Money plunges modern literature into chaos

The prestige of the writer fell dramatically when Russia embarked on the road to the free market. Membership in the Union of Writers in the former Soviet Union meant you were part of a privileged community. Indeed, union members were entitled to medical services at a privileged clinic and high quality food. They had a range of resort centres known as art centres at their disposal, which only charged a token sum. Soviet-time authors' earnings were not contingent on book sales, and they could even have a fur hat made at a special workshop for next to nothing. This caricature of a Politburo member's lifestyle was attractive for many. Therefore, at the dusk of socialism there were as many as 3,000 professional writers in Moscow alone, the majority of who were devoid of any talent.

Members of the modern Union of Writers live from hand to mouth on their miserly fees fixed by publishers. Authors get a maximum of $300 for a book not intended for the general reader.

Utter confusion in terms of moral guidelines is yet another result of the literati's plummeting prestige. Publishers have introduced a scale of values of their own, which is the sales rate. This means they are totally reliant on advertising. The media tacitly approved of these tactics, thereby leaving the authors of trash fiction in the strongest positions. Money, the sole criterion of success, has plunged modern literature into chaos.

The literary community is trying to regain the right to determine own terms of reference unrelated to filthy monetary returns for serious writers and critics. There are dozens of literary awards in Russia today. They are designed to ensure a high artistic level for books, particularly those that will not sell briskly from stalls near underground stations.

The Triumph, Booker, National Best-seller, and the Andrei Bely Prize are the most acclaimed of the serious literary prizes in modern Russia. Triumph laureates are awarded $50,000, while the winners of the Andrei Bely Prize are only entitled to a bottle of dry white wine, which does not make the latter a less prestigious award. The writer Vladimir Voinovich, poetess Bella Akhmadulina and poet Alexander Kushner are among those who have won both prizes.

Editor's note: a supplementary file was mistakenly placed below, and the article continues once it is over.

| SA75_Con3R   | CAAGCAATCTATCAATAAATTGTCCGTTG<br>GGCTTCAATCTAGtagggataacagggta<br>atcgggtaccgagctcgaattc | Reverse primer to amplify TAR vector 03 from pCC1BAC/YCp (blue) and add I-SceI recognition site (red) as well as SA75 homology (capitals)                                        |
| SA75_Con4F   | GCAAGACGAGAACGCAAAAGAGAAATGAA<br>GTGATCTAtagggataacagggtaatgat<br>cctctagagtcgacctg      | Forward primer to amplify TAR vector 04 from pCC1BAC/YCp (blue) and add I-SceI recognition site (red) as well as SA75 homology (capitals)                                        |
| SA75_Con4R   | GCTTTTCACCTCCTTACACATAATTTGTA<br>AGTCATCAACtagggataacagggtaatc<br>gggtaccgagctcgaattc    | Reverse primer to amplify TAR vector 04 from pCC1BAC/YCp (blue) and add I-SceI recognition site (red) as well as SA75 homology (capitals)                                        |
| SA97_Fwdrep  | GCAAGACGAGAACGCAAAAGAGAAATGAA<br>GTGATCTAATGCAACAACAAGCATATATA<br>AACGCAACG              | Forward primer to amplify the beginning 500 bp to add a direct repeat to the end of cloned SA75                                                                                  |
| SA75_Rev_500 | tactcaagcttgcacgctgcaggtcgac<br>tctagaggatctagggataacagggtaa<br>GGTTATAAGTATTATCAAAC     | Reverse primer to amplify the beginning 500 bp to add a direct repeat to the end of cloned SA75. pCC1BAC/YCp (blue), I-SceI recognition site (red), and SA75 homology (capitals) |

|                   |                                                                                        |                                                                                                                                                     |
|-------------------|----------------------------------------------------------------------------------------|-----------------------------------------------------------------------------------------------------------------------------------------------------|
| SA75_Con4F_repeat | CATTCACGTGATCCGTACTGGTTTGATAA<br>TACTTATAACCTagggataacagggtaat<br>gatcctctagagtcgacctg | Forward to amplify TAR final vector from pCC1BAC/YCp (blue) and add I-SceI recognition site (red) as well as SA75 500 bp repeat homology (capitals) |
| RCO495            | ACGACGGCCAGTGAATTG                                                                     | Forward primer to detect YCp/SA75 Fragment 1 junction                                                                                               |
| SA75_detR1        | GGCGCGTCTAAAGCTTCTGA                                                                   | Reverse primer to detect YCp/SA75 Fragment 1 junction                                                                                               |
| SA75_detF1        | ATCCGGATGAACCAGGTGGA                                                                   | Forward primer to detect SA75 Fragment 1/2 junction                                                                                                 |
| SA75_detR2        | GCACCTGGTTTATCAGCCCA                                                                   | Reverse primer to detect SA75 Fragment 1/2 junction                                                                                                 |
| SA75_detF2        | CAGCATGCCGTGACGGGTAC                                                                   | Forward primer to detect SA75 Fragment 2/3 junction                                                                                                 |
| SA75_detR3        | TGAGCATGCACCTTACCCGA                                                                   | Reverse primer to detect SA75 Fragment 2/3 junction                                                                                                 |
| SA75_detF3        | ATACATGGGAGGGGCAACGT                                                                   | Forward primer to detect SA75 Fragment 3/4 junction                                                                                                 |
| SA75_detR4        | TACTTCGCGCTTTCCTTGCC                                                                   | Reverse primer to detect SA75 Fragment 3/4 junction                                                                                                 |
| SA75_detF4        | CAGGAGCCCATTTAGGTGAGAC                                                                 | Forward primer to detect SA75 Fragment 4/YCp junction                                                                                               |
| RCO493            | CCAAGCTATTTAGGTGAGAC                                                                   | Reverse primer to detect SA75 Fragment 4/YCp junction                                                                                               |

The Debut is a rather new prestige award that is given to authors under 25 who write prose and poetry in Russian. This is a long-overdue event, particularly for poets. Publishers have stopped publishing verses by poets other than Pushkin, Pasternak, Goethe or Byron. Paying the publishing costs is the only way for poets to have their collections issued, which few of them can afford.

Chingiz Aitmatov, the patriarch of Russia literature, chairs the Debut jury this year. (He recently suffered a heart attack, but doctors say his condition is thankfully stable.)

"The new generation achieves a real breakthrough when one of a thousand of beginning authors stands out," said the writer "The idea behind the Debut prize is to pick the one who will ensure a breakthrough from the current chaos".

This year, Debut prizes will be awarded in five categories: Major Prose, Minor Prose, Poetry, Drama, and Literary Criticism and Essay Writing. The contest's results will be decided at a seminar near Moscow in autumn. The best participants in the Debut literary marathon are expected to attend the seminar.

Anatoly Korolyov, RIA Novosti political commentator

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